Short study sessions help the synapses in your brain process information much better than lots of information in long sessions. Try setting aside 30 minutes before or after work to dedicate to your study. Avoid all-nighters, start planning and reading early in the study period and make a study schedule.
Create the ideal study space, and gather all the books and items you will need. This prep time also prepares the brain for study. Also, limit distractions – if you must listen to music, choose melodic music without lyrics and of course, leave your phone alone and stay off social media.
You absorb information better when you’re alert, well-fed and rested – and even better after you’ve exercised. It's important to ensure you’ve consumed nutritious foods to get your brain powered up – things like fish, nuts, berries and yoghurt. It also pays to stay hydrated and get up to move in between your 30-minute sessions.
Your brain stores information better when you’ve written something down after you're read or heard it. So this means you'll probably have to lose the highlighter and start writing the essentials on flashcards. A good system to use is the Leitner System , which utilises the principle of spaced repetition and increasing intervals.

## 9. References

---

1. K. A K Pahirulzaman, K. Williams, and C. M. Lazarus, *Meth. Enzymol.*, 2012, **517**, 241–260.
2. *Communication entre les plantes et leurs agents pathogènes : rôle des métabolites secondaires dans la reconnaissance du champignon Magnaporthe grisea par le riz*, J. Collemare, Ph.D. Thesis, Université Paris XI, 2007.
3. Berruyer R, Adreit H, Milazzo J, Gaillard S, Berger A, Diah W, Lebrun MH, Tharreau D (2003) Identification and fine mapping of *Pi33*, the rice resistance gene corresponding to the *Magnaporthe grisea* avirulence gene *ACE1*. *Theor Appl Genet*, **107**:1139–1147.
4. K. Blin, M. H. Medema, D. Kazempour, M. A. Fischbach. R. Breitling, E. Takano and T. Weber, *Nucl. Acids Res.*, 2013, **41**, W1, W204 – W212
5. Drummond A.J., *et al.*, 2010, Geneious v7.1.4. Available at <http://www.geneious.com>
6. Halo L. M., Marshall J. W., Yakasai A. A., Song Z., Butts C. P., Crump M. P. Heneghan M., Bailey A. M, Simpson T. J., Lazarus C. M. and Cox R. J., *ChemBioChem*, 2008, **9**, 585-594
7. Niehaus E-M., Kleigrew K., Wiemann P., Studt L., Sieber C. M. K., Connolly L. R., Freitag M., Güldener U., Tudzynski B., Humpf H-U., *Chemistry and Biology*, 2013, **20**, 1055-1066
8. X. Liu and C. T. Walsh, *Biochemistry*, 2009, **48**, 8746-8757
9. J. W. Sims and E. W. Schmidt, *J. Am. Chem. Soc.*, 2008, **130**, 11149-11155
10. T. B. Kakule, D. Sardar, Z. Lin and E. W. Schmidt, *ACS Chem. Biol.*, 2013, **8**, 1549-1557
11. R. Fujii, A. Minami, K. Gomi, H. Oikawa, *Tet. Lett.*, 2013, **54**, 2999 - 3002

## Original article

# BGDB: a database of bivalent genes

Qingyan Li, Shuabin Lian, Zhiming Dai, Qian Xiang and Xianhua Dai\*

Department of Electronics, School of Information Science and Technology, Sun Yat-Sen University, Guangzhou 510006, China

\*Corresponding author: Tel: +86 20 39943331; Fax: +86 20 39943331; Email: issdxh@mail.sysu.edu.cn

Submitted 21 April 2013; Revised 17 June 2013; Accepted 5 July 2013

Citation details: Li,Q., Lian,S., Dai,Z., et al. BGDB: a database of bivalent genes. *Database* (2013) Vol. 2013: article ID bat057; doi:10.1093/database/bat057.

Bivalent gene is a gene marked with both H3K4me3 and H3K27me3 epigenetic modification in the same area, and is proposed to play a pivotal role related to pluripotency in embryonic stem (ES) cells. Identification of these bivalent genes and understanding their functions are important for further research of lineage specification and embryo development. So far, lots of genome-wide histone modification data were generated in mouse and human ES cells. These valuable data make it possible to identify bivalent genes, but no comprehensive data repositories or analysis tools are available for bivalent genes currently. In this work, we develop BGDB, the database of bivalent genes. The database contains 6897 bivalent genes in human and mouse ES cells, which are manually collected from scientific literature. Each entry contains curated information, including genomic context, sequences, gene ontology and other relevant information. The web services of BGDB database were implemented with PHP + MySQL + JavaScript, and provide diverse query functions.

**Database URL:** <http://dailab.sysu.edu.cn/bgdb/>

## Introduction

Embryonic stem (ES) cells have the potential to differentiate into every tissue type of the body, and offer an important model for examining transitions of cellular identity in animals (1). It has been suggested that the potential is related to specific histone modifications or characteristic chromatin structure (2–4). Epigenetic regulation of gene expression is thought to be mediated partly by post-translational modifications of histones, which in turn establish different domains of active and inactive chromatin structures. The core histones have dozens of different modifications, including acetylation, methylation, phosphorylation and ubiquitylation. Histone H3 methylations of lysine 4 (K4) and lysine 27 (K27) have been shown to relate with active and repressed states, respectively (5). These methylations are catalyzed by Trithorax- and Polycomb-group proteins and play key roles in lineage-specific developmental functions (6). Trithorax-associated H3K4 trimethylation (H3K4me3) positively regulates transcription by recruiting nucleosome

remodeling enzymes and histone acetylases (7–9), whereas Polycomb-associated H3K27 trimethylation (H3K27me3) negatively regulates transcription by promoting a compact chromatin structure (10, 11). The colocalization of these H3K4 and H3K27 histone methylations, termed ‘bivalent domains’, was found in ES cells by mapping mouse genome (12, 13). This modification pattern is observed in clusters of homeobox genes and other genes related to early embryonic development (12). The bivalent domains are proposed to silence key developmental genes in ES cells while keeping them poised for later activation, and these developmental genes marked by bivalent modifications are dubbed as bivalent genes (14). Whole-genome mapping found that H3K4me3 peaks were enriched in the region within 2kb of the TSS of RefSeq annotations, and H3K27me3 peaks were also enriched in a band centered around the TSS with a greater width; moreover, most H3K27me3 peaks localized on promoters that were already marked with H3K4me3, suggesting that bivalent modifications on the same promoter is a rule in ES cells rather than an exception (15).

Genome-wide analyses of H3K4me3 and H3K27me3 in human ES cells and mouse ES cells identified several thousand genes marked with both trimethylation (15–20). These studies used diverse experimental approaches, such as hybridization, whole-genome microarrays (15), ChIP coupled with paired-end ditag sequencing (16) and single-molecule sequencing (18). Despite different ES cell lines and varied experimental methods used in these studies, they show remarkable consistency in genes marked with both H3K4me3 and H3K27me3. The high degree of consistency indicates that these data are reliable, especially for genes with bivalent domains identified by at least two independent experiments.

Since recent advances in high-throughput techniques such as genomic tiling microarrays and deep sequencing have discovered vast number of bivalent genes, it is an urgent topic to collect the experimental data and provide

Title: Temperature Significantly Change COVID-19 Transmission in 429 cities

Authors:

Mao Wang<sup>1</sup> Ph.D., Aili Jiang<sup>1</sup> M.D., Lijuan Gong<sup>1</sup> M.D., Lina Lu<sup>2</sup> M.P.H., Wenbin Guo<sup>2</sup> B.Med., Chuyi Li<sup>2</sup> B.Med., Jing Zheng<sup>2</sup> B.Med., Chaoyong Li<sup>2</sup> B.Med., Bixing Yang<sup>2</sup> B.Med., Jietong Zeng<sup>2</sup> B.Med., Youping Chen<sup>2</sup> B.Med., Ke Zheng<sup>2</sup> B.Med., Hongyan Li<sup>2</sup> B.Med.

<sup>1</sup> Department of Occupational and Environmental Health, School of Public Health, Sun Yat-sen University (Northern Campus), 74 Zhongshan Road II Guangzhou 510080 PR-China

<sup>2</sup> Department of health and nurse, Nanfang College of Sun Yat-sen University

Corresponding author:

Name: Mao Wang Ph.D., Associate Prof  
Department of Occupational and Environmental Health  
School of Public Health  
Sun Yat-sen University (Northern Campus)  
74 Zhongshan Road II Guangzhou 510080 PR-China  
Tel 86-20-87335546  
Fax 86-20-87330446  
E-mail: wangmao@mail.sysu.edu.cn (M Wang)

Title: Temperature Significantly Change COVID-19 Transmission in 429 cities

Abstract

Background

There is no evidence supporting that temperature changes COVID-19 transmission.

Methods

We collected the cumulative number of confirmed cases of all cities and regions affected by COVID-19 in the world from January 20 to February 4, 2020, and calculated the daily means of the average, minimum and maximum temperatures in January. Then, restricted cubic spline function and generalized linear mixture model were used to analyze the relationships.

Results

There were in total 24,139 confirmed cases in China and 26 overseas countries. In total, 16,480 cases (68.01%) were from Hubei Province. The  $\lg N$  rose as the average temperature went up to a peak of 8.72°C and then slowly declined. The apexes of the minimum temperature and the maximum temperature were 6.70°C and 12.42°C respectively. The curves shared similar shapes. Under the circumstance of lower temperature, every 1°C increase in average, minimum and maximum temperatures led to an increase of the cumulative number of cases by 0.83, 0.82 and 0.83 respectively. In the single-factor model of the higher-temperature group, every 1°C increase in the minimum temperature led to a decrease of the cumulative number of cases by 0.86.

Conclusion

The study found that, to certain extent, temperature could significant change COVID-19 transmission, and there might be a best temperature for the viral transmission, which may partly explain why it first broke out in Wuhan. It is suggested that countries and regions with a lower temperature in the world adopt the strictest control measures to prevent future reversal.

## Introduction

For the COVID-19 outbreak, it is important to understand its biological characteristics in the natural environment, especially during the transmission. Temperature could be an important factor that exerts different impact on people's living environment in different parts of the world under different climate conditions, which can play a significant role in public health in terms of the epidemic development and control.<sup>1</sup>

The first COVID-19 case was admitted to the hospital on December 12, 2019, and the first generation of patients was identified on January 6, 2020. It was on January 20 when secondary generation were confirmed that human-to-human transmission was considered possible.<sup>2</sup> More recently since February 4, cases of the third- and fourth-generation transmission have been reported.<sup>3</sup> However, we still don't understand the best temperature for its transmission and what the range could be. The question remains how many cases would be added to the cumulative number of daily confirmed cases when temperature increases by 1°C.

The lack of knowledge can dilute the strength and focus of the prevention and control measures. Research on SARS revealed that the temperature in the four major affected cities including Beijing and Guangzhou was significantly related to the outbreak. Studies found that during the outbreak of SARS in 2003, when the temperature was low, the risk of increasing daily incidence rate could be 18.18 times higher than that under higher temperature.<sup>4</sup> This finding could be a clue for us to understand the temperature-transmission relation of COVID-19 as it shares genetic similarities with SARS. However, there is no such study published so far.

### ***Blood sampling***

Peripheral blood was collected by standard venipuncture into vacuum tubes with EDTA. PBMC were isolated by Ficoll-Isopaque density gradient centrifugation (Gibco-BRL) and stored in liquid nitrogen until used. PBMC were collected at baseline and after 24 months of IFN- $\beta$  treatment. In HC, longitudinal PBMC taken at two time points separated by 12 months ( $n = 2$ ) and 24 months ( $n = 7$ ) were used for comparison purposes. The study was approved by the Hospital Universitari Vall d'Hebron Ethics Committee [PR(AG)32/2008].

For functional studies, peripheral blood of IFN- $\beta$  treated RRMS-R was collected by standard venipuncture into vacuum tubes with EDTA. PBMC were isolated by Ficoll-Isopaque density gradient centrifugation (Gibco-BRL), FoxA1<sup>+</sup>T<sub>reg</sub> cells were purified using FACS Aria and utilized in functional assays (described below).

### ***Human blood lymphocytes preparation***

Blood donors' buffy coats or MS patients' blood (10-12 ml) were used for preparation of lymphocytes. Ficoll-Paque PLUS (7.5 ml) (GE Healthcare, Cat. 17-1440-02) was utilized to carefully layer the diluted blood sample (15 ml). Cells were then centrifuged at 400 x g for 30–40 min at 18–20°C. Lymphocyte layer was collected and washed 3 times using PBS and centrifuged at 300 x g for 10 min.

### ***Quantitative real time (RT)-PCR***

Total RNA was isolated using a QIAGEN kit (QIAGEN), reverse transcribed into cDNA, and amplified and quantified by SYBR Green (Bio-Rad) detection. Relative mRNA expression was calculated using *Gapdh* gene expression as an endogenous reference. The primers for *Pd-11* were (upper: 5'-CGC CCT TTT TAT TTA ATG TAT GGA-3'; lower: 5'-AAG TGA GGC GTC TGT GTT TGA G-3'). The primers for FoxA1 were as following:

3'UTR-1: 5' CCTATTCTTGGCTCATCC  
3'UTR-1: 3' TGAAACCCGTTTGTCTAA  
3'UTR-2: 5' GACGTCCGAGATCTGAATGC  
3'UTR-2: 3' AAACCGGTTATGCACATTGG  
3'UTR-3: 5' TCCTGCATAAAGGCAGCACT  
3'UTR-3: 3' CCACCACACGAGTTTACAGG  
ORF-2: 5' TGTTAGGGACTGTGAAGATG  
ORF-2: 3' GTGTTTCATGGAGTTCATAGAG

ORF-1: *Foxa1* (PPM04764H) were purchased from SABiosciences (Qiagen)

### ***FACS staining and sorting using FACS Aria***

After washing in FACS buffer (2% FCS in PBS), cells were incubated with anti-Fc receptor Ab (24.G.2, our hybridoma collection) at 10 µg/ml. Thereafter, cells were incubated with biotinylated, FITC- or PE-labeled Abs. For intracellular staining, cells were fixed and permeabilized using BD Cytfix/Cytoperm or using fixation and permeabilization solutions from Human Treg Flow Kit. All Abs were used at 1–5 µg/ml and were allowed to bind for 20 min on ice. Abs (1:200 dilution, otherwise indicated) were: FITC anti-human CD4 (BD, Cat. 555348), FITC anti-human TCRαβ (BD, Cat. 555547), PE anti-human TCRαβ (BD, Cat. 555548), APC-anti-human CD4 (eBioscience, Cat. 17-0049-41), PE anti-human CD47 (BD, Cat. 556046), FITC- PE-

Learning to make connections when you consume information pays dividends. While you study, think of the various ways that the information you are reading, watching or listening to is connected to one another. This is called contextual learning. Try to group related information on one flashcard.
Make a list of study goals and tick them off when you complete them. Not only will it motivate you and give you a sense of achievement, it will help you feel in control and reduce any study stress.
Practice tests are a good way to see where you’re at, and where you might need to focus. There are some great templates that you can find online to help with the structure. If you come across something tricky in your readings, make a note of it and remember to test yourself later for a challenge.
Tests have shown that people who study material to teach it to others, absorb the information more logically than those who are merely studying for themselves. A US study has shown that students who engaged in peer learning scored significantly higher on a reading test than the students who had not, indicating the effectiveness peer tutoring can have on academic achievement.
Whether it's by yourself, with a friend or family member, read your flashcards and summaries out loud. A handy trick is to close your eyes and try to recall what they say to help further cement your main points and arguments.
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